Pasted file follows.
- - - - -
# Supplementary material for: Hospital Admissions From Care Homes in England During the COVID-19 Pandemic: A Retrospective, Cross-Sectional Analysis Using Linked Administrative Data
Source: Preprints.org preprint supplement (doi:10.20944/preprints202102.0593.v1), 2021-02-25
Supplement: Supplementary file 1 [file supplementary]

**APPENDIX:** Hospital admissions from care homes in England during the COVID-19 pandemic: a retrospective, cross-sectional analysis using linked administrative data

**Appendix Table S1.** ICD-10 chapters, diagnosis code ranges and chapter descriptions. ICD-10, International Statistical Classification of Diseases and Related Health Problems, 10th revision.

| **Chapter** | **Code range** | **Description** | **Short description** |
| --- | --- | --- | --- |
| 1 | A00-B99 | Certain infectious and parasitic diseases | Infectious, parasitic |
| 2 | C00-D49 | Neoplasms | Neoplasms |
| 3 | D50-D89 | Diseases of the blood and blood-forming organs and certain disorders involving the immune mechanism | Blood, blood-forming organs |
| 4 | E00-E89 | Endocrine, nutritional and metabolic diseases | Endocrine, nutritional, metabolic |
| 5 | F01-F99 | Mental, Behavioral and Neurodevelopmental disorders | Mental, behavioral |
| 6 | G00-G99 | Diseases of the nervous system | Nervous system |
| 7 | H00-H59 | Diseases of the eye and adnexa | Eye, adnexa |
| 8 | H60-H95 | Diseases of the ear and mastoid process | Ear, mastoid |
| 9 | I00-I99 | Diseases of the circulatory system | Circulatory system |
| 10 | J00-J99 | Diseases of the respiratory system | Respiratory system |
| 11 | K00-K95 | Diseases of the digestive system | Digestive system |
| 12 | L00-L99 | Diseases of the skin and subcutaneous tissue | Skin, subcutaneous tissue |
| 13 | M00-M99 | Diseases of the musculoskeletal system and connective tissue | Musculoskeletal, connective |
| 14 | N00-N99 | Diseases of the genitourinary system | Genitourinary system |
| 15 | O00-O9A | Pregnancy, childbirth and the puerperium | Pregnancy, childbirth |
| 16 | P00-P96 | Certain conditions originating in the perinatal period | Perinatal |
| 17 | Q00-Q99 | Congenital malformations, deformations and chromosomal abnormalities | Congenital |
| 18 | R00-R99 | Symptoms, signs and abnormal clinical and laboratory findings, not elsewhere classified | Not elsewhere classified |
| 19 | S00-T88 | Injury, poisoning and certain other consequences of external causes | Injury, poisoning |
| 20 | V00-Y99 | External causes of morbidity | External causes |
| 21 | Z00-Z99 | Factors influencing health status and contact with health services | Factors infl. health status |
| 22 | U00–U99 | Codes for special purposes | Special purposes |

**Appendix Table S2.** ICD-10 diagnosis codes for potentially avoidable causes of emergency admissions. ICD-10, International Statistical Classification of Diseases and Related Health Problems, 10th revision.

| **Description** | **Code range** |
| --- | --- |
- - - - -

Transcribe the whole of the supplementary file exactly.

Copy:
# Supplementary material for: Hospital Admissions From Care Homes in England During the COVID-19 Pandemic: A Retrospective, Cross-Sectional Analysis Using Linked Administrative Data
Source: Preprints.org preprint supplement (doi:10.20944/preprints202102.0593.v1), 2021-02-25
Supplement: Supplementary file 1 [file supplementary]

**APPENDIX:** Hospital admissions from care homes in England during the COVID-19 pandemic: a retrospective, cross-sectional analysis using linked administrative data

**Appendix Table S1.** ICD-10 chapters, diagnosis code ranges and chapter descriptions. ICD-10, International Statistical Classification of Diseases and Related Health Problems, 10th revision.

| **Chapter** | **Code range** | **Description** | **Short description** |
| --- | --- | --- | --- |
| 1 | A00-B99 | Certain infectious and parasitic diseases | Infectious, parasitic |
| 2 | C00-D49 | Neoplasms | Neoplasms |
| 3 | D50-D89 | Diseases of the blood and blood-forming organs and certain disorders involving the immune mechanism | Blood, blood-forming organs |
| 4 | E00-E89 | Endocrine, nutritional and metabolic diseases | Endocrine, nutritional, metabolic |
| 5 | F01-F99 | Mental, Behavioral and Neurodevelopmental disorders | Mental, behavioral |
| 6 | G00-G99 | Diseases of the nervous system | Nervous system |
| 7 | H00-H59 | Diseases of the eye and adnexa | Eye, adnexa |
| 8 | H60-H95 | Diseases of the ear and mastoid process | Ear, mastoid |
| 9 | I00-I99 | Diseases of the circulatory system | Circulatory system |
| 10 | J00-J99 | Diseases of the respiratory system | Respiratory system |
| 11 | K00-K95 | Diseases of the digestive system | Digestive system |
| 12 | L00-L99 | Diseases of the skin and subcutaneous tissue | Skin, subcutaneous tissue |
| 13 | M00-M99 | Diseases of the musculoskeletal system and connective tissue | Musculoskeletal, connective |
| 14 | N00-N99 | Diseases of the genitourinary system | Genitourinary system |
| 15 | O00-O9A | Pregnancy, childbirth and the puerperium | Pregnancy, childbirth |
| 16 | P00-P96 | Certain conditions originating in the perinatal period | Perinatal |
| 17 | Q00-Q99 | Congenital malformations, deformations and chromosomal abnormalities | Congenital |
| 18 | R00-R99 | Symptoms, signs and abnormal clinical and laboratory findings, not elsewhere classified | Not elsewhere classified |
| 19 | S00-T88 | Injury, poisoning and certain other consequences of external causes | Injury, poisoning |
| 20 | V00-Y99 | External causes of morbidity | External causes |
| 21 | Z00-Z99 | Factors influencing health status and contact with health services | Factors infl. health status |
| 22 | U00–U99 | Codes for special purposes | Special purposes |

**Appendix Table S2.** ICD-10 diagnosis codes for potentially avoidable causes of emergency admissions. ICD-10, International Statistical Classification of Diseases and Related Health Problems, 10th revision.

| **Description** | **Code range** |
| --- | --- |